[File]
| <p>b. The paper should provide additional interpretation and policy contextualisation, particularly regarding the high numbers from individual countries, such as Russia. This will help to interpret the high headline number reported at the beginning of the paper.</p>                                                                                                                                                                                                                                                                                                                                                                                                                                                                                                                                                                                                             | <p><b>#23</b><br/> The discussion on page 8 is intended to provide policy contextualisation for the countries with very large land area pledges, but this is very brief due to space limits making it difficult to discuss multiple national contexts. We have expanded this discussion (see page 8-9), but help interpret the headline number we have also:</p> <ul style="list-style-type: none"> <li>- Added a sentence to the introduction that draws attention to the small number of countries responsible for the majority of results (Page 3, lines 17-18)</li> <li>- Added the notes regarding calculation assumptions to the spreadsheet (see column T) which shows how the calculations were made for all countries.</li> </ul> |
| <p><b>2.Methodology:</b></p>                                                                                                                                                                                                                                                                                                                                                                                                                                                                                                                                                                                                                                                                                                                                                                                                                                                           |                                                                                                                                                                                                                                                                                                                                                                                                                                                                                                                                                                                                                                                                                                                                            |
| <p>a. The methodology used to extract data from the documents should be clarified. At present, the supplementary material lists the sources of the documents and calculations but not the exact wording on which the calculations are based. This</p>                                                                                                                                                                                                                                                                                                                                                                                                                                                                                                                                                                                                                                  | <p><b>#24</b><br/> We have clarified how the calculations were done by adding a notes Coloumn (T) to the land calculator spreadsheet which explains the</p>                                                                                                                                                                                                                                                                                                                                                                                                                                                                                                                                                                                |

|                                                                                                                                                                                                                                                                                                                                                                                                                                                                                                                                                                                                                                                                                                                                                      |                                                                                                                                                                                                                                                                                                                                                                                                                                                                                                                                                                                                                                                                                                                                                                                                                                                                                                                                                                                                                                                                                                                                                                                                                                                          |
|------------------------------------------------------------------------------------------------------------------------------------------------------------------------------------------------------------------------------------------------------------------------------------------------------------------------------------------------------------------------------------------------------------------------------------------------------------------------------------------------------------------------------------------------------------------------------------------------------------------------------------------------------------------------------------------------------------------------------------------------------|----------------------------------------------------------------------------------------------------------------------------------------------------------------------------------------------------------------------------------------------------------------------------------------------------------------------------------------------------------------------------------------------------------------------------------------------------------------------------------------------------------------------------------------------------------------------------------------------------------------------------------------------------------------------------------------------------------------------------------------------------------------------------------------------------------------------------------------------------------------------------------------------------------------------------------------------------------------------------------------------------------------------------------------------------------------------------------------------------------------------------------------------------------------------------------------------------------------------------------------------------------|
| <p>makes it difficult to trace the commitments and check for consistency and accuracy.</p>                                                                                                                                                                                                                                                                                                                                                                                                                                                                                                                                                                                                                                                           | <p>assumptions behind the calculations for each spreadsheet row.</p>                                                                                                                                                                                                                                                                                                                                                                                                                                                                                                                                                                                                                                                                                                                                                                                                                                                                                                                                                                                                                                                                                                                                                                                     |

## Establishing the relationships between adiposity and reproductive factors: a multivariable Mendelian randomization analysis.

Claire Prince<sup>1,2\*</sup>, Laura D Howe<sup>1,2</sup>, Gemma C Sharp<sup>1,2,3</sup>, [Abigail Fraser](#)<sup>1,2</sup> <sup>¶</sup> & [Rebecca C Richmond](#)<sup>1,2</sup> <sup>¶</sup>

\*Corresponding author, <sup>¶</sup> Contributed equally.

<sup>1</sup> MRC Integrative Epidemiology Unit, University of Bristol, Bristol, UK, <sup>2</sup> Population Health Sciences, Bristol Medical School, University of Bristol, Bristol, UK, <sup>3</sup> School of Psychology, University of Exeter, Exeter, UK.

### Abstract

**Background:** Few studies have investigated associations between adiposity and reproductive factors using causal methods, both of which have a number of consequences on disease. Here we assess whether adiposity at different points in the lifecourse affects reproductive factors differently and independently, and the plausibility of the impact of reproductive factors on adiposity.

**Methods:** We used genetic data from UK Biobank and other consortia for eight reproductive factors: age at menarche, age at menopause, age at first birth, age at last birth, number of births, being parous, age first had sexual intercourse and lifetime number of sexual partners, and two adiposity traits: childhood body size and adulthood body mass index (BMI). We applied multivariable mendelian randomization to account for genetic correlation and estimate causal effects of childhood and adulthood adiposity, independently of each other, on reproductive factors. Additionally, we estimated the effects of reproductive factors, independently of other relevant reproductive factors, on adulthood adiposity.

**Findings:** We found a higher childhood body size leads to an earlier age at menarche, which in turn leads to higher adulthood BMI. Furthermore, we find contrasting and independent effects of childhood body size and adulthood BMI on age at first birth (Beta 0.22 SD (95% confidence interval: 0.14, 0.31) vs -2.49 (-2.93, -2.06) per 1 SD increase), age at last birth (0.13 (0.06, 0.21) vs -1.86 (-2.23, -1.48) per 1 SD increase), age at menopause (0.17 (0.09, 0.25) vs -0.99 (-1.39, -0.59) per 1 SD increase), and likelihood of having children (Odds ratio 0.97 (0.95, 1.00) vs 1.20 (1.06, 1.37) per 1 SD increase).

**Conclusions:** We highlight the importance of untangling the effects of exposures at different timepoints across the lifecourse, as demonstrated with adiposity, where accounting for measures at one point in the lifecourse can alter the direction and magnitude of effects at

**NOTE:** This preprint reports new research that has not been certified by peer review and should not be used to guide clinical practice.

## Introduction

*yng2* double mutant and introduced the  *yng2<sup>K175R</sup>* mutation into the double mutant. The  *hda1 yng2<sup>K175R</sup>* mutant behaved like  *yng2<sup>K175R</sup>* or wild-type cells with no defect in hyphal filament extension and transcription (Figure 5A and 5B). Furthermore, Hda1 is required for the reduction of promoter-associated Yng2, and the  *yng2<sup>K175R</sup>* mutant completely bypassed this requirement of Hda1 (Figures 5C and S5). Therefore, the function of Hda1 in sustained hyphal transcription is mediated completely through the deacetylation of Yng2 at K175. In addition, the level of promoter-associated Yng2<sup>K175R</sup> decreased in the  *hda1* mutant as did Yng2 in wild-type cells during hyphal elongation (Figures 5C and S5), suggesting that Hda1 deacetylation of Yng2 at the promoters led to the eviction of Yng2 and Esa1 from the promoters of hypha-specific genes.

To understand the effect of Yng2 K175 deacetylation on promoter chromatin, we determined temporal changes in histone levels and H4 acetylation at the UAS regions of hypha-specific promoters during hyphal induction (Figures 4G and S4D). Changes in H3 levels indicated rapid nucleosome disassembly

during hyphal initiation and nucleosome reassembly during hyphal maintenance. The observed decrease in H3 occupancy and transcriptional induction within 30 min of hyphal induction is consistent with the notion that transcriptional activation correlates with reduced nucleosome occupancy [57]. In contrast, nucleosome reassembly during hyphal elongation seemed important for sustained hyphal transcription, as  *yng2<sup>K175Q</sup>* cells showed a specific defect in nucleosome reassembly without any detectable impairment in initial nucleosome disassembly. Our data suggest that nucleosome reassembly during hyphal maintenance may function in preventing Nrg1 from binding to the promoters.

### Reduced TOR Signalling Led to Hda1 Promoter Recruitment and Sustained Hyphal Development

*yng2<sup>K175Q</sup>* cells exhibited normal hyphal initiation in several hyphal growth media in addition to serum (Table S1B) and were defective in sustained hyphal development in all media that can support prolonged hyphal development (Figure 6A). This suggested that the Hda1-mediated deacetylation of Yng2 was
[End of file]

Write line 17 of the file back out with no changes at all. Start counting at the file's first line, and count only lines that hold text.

## Introduction